What Is a Casino?


A casino is an establishment for certain types of gambling. It is also known as a gaming house or a card room. Casinos are often combined with hotels, restaurants, retail shops and entertainment venues. In some countries, casinos are licensed and regulated by government agencies.

The casino at Monte-Carlo first opened in 1863, and became the model for modern gambling facilities worldwide. Today, the world’s most famous casinos are in Las Vegas and Monaco, although several European cities have casino gambling as well.

Unlike other forms of gambling, in which the player’s skill or luck determines the outcome, in a casino, the odds are against the player. This is a fundamental concept that differentiates the game from lotteries and Internet gambling. Casinos are designed to maximize noise and light and to provide an atmosphere of excitement, especially when players are crowded together in poker rooms or at the craps tables. During these activities, patrons frequently shout encouragement to one another. Waiters circulate with alcoholic beverages, which are usually free, to encourage gamblers.

Something about gambling seems to inspire people to try to cheat, steal or con their way into a win. In order to counter this tendency, casino operators devote a great deal of time and money on security. They also use perks that are designed to encourage gamblers to spend more money. These “comps” can include anything from free hotel rooms to buffet or show tickets.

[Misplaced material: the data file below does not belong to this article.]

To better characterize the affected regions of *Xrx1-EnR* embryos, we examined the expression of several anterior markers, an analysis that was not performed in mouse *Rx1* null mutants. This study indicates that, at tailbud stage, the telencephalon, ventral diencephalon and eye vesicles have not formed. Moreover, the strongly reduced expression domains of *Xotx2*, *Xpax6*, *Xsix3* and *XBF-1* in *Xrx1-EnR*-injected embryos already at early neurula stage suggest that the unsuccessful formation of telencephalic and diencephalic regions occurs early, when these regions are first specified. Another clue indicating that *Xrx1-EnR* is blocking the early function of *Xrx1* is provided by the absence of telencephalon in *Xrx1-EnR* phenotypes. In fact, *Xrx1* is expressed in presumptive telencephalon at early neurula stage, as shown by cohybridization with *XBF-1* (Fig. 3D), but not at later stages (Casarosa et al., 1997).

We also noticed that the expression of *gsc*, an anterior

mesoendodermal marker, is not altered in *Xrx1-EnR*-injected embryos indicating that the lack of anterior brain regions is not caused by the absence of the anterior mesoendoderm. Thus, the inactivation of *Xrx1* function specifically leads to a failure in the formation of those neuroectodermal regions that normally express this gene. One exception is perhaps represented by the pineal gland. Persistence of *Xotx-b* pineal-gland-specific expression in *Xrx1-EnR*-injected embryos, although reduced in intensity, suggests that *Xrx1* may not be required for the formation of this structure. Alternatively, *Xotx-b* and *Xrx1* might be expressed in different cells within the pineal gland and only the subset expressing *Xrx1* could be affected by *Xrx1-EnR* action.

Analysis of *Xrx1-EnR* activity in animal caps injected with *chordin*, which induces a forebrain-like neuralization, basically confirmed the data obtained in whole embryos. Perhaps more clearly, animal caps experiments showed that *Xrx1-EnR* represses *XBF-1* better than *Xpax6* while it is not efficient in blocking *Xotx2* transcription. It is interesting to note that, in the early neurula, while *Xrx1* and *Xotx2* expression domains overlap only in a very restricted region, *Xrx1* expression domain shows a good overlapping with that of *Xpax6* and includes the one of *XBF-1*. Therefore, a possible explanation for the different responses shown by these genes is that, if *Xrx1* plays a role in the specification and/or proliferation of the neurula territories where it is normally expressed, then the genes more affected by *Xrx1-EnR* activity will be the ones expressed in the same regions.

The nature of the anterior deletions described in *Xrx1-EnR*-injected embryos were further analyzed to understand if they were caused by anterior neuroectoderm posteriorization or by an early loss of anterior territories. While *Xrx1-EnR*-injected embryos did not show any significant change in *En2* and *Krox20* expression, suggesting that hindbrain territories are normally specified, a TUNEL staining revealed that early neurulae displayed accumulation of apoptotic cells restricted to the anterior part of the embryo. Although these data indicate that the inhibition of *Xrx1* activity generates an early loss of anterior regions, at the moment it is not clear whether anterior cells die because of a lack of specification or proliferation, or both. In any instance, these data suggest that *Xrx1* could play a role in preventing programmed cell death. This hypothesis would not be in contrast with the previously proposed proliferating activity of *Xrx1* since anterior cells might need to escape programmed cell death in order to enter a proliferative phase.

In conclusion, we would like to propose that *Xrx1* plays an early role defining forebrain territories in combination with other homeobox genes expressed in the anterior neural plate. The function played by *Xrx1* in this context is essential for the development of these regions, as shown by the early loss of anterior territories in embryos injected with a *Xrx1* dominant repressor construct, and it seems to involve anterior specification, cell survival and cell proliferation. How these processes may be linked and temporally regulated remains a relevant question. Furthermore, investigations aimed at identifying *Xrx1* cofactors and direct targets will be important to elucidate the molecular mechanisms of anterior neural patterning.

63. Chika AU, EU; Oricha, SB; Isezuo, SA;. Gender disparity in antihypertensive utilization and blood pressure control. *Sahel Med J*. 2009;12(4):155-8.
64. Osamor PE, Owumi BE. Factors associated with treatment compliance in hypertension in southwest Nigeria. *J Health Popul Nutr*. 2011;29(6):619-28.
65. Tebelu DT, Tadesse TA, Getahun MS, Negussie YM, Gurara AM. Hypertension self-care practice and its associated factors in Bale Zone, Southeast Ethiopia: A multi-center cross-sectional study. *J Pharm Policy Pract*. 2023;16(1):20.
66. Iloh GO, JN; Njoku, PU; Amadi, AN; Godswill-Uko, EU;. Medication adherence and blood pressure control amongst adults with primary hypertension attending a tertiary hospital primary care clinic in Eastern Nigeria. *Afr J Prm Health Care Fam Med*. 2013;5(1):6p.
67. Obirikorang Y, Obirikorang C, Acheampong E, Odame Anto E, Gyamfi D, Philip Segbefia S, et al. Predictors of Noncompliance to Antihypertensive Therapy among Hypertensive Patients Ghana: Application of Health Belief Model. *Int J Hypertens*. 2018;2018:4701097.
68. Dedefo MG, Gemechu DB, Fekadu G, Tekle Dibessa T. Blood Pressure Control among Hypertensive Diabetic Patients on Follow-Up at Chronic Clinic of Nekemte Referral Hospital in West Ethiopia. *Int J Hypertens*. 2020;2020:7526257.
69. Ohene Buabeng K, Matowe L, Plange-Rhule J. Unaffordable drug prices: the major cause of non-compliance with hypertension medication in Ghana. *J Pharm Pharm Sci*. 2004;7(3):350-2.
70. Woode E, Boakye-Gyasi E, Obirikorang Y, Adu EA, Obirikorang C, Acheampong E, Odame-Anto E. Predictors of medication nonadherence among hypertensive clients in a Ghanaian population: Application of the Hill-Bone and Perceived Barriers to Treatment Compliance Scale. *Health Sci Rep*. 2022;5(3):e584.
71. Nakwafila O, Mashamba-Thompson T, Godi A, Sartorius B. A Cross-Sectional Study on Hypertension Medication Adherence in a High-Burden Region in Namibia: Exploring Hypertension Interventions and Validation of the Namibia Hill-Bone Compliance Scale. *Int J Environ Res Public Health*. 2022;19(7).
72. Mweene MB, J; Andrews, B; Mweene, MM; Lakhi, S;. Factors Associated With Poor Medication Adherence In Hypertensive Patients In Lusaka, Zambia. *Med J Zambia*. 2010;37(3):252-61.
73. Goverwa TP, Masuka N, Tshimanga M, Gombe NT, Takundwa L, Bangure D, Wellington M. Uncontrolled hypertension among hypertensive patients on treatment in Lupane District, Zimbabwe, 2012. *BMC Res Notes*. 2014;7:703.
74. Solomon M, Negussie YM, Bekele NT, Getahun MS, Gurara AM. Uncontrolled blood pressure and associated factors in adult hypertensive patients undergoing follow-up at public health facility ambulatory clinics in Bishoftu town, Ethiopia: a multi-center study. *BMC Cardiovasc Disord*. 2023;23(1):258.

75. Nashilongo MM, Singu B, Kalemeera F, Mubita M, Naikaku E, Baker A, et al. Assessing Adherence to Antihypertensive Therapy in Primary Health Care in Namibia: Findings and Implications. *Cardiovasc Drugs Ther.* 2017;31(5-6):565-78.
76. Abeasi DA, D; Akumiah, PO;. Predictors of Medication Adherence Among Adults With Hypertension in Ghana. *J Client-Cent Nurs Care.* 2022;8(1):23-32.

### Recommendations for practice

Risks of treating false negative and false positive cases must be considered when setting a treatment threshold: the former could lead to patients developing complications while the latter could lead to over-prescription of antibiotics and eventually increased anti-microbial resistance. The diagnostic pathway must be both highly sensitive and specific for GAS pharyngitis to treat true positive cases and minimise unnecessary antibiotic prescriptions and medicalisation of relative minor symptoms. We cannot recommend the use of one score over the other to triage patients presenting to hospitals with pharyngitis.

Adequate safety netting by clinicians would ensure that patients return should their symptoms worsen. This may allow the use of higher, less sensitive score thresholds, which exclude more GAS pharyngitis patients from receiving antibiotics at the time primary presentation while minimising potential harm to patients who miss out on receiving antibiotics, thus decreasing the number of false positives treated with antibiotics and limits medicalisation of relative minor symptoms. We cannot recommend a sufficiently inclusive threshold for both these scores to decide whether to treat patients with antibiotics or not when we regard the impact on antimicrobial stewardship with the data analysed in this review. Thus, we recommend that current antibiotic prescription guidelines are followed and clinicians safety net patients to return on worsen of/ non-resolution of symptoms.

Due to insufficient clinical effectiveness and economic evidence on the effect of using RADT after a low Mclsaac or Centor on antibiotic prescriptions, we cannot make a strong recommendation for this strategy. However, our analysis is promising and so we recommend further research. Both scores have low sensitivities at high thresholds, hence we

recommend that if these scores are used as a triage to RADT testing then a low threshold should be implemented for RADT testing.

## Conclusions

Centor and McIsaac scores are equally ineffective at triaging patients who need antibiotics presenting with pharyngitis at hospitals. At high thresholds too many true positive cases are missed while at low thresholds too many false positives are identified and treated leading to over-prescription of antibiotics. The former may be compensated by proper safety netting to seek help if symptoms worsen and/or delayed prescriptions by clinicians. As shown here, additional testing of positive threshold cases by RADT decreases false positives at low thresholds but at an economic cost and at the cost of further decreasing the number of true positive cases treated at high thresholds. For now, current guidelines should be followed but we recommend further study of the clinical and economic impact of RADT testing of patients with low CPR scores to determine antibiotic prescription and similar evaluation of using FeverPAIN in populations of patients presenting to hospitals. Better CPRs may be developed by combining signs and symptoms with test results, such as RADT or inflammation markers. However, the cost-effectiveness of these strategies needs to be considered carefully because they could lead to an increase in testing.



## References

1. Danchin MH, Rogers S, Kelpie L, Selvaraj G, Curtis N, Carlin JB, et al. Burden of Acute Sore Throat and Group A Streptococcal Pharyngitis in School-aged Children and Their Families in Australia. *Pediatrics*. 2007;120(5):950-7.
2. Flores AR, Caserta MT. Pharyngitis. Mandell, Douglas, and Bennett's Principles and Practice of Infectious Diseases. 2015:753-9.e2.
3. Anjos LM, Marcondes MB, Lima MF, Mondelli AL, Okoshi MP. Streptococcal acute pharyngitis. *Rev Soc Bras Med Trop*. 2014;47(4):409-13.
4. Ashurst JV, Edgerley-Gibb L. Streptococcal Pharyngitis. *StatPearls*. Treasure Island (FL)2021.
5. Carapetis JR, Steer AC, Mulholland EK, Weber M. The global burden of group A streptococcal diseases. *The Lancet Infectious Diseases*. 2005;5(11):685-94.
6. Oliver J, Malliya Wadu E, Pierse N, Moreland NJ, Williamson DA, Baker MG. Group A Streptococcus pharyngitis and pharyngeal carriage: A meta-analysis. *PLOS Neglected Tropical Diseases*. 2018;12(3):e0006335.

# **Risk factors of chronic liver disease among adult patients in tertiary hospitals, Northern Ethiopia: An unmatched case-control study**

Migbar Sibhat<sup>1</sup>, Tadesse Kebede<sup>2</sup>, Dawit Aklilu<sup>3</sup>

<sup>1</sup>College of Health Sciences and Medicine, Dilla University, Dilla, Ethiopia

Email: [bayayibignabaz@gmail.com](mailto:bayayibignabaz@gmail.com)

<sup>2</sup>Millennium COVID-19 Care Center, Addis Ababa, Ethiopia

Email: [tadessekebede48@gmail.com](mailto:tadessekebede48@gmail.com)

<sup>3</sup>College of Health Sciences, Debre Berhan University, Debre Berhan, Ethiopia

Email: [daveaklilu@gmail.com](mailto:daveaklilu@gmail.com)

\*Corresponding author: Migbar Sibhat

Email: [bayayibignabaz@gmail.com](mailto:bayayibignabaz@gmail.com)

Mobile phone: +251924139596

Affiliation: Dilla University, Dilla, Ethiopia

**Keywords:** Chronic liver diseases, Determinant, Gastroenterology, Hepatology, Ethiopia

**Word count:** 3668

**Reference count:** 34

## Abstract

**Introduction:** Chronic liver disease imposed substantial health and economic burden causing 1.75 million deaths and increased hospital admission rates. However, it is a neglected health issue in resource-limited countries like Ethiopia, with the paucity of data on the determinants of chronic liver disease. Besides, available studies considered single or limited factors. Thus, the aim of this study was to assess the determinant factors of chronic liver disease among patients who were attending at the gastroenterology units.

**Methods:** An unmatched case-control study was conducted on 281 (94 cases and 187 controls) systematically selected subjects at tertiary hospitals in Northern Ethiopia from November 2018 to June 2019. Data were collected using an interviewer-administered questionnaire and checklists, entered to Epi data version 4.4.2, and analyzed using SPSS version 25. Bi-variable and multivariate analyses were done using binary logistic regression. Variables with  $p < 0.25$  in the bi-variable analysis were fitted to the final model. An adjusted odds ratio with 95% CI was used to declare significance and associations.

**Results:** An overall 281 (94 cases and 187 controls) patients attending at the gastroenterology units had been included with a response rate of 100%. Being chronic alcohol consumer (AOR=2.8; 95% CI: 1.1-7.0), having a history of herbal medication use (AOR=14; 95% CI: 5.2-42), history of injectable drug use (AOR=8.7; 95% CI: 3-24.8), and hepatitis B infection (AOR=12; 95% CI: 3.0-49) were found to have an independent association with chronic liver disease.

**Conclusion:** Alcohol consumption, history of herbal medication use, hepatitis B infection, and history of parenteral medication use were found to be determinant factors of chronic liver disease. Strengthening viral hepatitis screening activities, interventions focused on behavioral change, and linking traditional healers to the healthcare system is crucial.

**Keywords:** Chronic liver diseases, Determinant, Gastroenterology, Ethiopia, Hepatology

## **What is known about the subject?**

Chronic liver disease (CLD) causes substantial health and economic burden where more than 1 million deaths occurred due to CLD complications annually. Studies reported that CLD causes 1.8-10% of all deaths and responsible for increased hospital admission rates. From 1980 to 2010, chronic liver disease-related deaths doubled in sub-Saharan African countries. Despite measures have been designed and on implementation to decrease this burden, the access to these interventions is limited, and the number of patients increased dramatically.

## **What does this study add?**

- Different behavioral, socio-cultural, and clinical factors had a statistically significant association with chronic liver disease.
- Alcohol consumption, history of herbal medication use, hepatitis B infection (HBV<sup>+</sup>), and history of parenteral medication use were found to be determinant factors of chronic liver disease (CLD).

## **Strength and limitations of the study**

In the past, many casinos were owned by organized crime figures who used their gambling profits to finance other illegal rackets. As legalized gambling spread to the United States in the 1950s, legitimate businessmen shunned casinos because they carried the taint of mob activity. This left the casinos to be run by mobsters, who took sole or partial ownership of the properties and exerted considerable influence over operations.

As casinos moved from the underground to the mainstream, their owners sought ways to improve security and attract a more upscale clientele. They began offering comps to frequent customers in addition to discounted hotel rates and free show tickets. Casinos also increased their use of technology to monitor and supervise games. For example, some betting chips have built-in microcircuitry that enables casinos to oversee the exact amounts wagered minute by minute; roulette wheels are electronically monitored to discover any statistical deviation from the expected results.

These examples have been automatically selected from various online sources and may not be representative of the opinions of Merriam-Webster or its editors. We appreciate your feedback: let us know if you find an error in one of these examples. Copyright 2010 by Houghton Mifflin Harcourt. All rights reserved. This material may not be published, broadcast, rewritten, or redistributed. ‘casino’ is from the Italian word for ‘house of games’. The word is also related to the Latin ‘casus’, meaning a meeting place or headquarters. The word entered English in the early 20th century, probably via French, and was adopted by other languages as well.